More impressed with their own team’s diversity, equity and inclusion (DEI) efforts than the Athletic Department’s, student athletes report general satisfaction with efforts to address DEI issues in athletics, according to a survey of Bowdoin student-athletes recently conducted by the Orient. Student athletes are also satisfied with anti-racism educator Jen Fry’s programming, and are supportive of the initiatives that the Athletic Department announced last week.
For the survey, 67 student athletes responded to questions that asked to rate their satisfaction with both the athletic department’s and their individual team’s work to address DEI issues in athletics on a scale of one (least satisfied) to 10 (most satisfied), with five being “neutral.”
While the Orient asked respondents for their race, there were no statistical differences between the responses of student-athletes of different racial identities. The average response for satisfaction with individuals on their teams was 7.3, while the average satisfaction for the athletic department was 6.5.
Despite the lower score, some students believe that the athletic department is doing the best that it can with the available resources.
“It’s not perfect, but I don’t think [the athletic department] is doing anything wrong,” a member of the men’s rugby team wrote in the survey.
However, other respondents said they believe that more needs to be done.
“It seems as if the athletic department is continually playing catch up, playing defense, instead of actually going out there and trying to make an effort,” a member of the men’s cross-country team wrote in the survey.
“I feel like I didn’t fully grasp what the athletic department was really doing and still don’t have a clear idea,” a member of the field hockey team wrote in the survey.
A theme echoed across all responses was disappointment with centering coaches in DEI discussions, especially when those coaches are only just getting trained this semester.
“[The athletic department’s] instruction for teams with regards to creating an action plan was lacking, and they put a lot of responsibility onto (predominantly white) coaches who haven’t had a lot of training in DEI before,” a member of the field hockey team wrote in the survey. “Coaches were learning as they went, which made progress within the team challenging at times due to the need for coaches to educate themselves in order to make effective progress on a team.”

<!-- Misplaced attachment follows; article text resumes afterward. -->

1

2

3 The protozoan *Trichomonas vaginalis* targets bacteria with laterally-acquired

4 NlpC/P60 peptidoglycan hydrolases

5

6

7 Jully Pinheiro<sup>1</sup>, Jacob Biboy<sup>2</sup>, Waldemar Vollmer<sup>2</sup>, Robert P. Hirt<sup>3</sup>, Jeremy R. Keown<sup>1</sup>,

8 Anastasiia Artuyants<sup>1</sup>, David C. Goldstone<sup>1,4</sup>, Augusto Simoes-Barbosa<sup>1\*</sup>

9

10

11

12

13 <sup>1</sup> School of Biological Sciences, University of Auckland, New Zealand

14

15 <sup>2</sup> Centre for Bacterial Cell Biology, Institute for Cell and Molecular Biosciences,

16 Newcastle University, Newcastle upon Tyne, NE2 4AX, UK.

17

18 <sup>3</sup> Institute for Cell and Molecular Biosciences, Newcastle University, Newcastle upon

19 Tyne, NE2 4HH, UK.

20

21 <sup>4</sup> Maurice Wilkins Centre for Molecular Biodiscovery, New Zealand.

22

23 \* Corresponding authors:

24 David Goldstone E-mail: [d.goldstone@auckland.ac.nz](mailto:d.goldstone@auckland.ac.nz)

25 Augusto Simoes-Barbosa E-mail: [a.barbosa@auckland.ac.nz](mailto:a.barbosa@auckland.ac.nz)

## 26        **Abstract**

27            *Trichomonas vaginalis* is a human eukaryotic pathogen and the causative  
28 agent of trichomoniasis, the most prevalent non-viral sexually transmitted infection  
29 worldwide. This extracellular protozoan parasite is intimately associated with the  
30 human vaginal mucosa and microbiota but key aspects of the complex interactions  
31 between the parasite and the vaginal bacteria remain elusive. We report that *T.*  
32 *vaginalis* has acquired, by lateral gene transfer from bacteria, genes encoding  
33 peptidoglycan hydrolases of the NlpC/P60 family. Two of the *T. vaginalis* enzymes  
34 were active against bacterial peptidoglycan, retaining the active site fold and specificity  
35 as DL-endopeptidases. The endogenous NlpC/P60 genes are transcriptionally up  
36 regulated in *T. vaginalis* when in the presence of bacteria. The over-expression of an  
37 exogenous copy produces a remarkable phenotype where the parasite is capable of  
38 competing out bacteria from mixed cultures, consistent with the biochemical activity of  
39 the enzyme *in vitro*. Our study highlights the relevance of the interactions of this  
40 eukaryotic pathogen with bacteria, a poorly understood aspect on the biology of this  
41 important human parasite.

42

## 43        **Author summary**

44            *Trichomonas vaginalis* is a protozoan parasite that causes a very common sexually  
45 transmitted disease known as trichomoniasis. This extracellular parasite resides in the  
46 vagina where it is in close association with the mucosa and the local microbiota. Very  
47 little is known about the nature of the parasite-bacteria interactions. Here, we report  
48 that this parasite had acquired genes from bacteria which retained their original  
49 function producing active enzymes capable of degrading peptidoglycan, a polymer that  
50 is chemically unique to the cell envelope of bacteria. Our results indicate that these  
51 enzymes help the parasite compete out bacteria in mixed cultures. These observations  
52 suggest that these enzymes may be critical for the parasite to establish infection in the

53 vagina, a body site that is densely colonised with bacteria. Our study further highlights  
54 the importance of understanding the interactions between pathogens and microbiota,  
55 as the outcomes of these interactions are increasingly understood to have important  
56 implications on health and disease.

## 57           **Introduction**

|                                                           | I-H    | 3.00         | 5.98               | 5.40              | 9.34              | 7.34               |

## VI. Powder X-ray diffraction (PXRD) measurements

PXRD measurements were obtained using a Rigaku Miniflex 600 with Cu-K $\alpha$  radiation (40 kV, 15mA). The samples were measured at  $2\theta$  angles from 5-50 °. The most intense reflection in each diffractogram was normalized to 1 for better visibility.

Yet, many student athletes recognize that their coaches were putting in a lot of time and effort, but do not have a basis to conduct this work.
“I’ve been impressed by my team’s willingness to engage in these types of issues,” a member of the men’s ice hockey team wrote in the survey. “Our coaching staff has placed a huge emphasis on this work, but [they] don’t have the resources or knowledge to make progress.”
Despite these challenges, student athletes themselves said they have been actively engaged in this work. Approximately 64 percent of respondents stated that they had attended 75 percent or more of the athletic department’s DEI programming, and 85 percent of respondents stated that they had attended 75 percent or more of their own team’s DEI programming. No one claimed to have attended 25 percent or less of the programming in either of those categories.
One program, “Discussions on DEI in Athletics,” led by Jen Fry, was favorably received by many student athletes, with an average satisfaction rating of 7.3. Some athletes expressed how impressed they were with the way that Fry was able to communicate and teach.
“This was an amazing experience,” a member of the women’s soccer team wrote in the survey. “And I learned a lot, especially on Zoom.”
However, other respondents were less impressed by the program.
“I really enjoyed her programming and enthusiasm,” a member of the women’s basketball team wrote in the survey. “But I did not feel like the training advanced my understanding of this work.”
“Jen was a very engaging presenter, and I think the session was a good baseline educational session,” a member of the sailing team wrote in the survey. “But I would have liked to go more in depth with certain issues. I also think it would have been even better if we could have done it just within one team at a time, so it was more tailored to where our team is with DEI work … I think different teams are in very different places with DEI work.”
In its latest update to the DEI action plan, the department outlined clear initiatives and programs that will be taken up this spring and next fall. However, only 54 percent of respondents to this survey knew about these new programs and initiatives.
Moreover, while DEI work within the department has been enthusiastically attended by student athletes, only 64 percent of respondents said they had participated in DEI work outside athletics. Further, some student athletes said they are feeling tired of focusing on DEI issues.
“My team has had a meeting every week since the summer, and we haven’t had a single team meeting about … lacrosse,” a member of the men’s lacrosse team wrote in the survey. “I think DEI is something we should be focused on, but I think that the athletic department has turned its sports teams into social workers.”
Other athletes believe that the restriction of DEI programming to athletics is not the best move.
“I think it’s great [that] they are making such an effort with DEI training in athletics, but they should really be doing school-wide workshops and training,” a member of the softball team wrote in the surveys. “Athletes aren’t the only ones who could benefit from DEI work.”
Students who are members of two teams have only been identified as being a member of one of those teams to preserve anonymity.